To their credit, Casey Dienel and Shawn Creden, a.k.a. White Hinterland, are a tough band to pin down. In just four years and a bare handful of releases, the duo has already tinkered with many different styles, from the smooth jazz indie-pop of Phylactery Factory to the dissonant cover medley of Luniculaire. True to form, their latest offering, Kairos finds them venturing into new territory, relying on electronic instrumentation to a greater degree than ever before, trading the French bossa nova vibe present in their early work for a sound that leans closer to contemporary R&B. But even though this is virgin territory for White Hinterland, I hope these brave explorers won’t be too disappointed when they notice their terra incognita is strewn with empty beer cans and a few smoldering cigarettes.
Kairos is not an album completely devoid of charm. The R&B influence gives the songs a weight they might otherwise lack. A lazy funk bassline winds its way through songs like “Begin Again” and “Bow & Arrow,” complemented by Dienel’s naturally sultry delivery. If not for glitchy melodic deconstructions peppering the tracks, these songs wouldn’t sound out of place on a New Jack Swing mix tape. At its most abstract, the album recalls some of the more accessible moments of Bitte Orca. And that’s really the heart of the problem; though catchy and competently executed, the songs lack a certain permanence. I feel like a decade from now this album will sound very 2010, and not in the way that Nevermind sounds very 1991, either. More like the way that Sixteen Stone sounds very 1994. No matter how seamlessly they blend their influences and dice them up with broken beats or inverted melodies, this still sounds like Dirty Projectors Lite to me, and given the profusion of artists trying to sound like David Longstreth at the moment, that doesn’t bode well for them.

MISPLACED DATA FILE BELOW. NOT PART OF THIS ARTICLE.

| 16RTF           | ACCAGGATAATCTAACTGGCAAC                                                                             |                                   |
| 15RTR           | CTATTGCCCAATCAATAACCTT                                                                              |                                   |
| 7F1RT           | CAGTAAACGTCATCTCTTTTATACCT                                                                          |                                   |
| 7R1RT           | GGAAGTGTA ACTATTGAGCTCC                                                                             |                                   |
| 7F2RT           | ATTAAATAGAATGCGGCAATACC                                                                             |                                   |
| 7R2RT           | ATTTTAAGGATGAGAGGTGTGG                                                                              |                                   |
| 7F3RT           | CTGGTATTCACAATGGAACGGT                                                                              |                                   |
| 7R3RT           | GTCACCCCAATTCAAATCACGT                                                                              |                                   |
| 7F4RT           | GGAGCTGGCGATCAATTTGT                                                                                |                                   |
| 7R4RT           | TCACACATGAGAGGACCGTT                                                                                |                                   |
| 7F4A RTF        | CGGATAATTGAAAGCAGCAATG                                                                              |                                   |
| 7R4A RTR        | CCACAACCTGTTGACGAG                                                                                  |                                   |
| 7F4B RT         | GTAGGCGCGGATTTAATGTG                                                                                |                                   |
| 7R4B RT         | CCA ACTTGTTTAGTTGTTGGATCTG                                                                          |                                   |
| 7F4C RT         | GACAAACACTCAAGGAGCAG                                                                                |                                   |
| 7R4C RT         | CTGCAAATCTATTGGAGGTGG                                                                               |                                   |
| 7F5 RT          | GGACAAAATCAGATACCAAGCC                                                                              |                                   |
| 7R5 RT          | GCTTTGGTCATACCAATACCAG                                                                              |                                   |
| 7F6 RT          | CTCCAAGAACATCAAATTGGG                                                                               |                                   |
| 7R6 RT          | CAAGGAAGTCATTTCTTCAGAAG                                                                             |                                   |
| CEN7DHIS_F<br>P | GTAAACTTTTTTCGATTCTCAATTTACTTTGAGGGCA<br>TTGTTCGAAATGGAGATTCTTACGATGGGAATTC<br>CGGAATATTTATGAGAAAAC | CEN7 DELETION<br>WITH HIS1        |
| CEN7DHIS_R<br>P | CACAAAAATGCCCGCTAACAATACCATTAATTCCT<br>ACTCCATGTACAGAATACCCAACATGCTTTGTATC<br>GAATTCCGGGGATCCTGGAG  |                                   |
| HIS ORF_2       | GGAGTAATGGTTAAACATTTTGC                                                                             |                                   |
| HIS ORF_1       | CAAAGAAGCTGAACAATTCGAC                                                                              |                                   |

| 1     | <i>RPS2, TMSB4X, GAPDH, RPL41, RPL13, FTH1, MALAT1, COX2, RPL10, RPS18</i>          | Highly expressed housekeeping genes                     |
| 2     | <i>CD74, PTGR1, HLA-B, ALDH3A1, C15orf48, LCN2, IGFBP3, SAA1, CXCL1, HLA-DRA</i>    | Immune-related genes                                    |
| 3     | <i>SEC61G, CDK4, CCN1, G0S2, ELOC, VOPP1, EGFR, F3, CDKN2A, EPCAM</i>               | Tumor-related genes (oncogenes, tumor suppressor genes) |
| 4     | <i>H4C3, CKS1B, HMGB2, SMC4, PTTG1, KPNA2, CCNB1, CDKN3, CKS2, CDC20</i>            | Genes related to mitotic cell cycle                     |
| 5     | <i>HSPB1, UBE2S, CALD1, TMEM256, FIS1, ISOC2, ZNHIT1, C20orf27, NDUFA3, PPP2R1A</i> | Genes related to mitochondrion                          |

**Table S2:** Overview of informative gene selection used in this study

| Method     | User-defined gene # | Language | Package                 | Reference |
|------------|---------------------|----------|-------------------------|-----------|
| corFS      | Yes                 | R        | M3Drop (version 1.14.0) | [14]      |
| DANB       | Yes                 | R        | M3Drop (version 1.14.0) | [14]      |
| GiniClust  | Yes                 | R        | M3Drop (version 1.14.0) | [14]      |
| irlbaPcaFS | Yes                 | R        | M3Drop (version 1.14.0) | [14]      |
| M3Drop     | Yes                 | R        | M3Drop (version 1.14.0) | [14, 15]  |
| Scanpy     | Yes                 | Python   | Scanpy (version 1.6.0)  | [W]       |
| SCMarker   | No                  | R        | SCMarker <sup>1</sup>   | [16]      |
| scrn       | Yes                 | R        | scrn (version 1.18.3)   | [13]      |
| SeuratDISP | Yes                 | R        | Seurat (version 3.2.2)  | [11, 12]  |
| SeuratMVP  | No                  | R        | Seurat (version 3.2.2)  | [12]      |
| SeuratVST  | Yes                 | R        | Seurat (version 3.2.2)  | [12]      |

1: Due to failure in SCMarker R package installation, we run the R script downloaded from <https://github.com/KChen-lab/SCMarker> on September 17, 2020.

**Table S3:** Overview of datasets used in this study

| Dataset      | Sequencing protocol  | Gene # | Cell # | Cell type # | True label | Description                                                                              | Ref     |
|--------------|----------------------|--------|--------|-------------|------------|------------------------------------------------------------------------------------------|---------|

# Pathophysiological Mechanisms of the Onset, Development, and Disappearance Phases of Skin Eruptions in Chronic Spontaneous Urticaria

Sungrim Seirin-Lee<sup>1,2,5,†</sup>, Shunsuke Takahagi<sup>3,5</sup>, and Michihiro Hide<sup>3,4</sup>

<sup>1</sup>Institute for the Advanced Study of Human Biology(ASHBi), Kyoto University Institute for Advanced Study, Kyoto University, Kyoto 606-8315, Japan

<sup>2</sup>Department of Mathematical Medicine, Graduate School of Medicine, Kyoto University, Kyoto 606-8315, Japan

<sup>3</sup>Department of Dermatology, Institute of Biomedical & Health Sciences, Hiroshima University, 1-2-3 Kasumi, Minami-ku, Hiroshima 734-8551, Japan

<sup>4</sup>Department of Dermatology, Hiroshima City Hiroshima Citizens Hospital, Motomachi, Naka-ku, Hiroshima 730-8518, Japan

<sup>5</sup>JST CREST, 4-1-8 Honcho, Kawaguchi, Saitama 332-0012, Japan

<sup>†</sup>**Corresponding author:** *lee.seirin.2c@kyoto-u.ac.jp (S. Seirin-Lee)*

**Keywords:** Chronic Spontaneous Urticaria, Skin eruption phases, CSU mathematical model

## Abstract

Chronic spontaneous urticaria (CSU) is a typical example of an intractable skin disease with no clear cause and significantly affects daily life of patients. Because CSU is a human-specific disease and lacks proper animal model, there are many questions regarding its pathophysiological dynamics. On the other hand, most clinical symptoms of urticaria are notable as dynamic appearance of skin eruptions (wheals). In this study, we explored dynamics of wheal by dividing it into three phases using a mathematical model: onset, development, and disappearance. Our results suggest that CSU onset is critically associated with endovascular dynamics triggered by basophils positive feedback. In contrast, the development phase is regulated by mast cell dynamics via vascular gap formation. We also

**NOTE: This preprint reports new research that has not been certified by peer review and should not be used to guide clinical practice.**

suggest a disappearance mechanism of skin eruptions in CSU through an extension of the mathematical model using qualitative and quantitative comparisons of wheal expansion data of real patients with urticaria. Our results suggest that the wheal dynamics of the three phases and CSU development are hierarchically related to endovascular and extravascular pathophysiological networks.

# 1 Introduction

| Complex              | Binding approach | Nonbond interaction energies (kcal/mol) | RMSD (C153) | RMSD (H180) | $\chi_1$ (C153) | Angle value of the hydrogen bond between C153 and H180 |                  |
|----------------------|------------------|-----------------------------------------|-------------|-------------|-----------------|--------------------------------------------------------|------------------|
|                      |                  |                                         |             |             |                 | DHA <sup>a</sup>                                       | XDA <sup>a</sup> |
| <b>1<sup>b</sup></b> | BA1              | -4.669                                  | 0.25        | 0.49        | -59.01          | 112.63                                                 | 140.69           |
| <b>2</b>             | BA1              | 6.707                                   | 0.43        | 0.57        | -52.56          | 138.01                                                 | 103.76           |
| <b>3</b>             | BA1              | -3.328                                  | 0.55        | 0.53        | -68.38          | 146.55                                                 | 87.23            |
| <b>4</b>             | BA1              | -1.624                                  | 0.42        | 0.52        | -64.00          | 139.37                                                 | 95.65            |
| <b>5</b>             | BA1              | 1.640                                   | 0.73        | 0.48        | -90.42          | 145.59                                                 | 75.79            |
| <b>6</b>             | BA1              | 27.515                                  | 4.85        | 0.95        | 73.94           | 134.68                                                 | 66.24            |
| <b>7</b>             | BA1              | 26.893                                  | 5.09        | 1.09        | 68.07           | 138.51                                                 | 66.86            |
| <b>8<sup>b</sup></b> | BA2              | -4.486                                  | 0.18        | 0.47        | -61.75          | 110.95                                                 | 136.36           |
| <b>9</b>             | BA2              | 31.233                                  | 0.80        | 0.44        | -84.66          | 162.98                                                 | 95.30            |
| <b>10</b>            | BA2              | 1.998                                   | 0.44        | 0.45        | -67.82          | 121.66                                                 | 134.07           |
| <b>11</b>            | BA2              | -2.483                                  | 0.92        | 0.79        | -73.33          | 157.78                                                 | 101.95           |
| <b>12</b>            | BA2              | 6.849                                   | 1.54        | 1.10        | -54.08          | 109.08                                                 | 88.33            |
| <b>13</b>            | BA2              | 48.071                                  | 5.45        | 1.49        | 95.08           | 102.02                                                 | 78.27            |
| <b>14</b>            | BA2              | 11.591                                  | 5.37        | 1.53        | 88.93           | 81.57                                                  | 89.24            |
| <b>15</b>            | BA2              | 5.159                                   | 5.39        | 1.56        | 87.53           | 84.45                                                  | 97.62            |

Dienel has a reliable talent for crafting off-kilter melody, and her fondness for her sources — from new wave to trip-hop to R&B — comes across as genuine and unaffected. There’s plenty to Kairos that will endear it to certain listeners, but ultimately that’s all I feel can be said for the album: it’s fine if you’re into that sort of thing. Kairos is some pretty country with plenty of lovely sights and sounds, but for the sake of the band’s long-term growth, I hope they don’t plan on settling there; it’s going to get strip-mined awfully damn fast.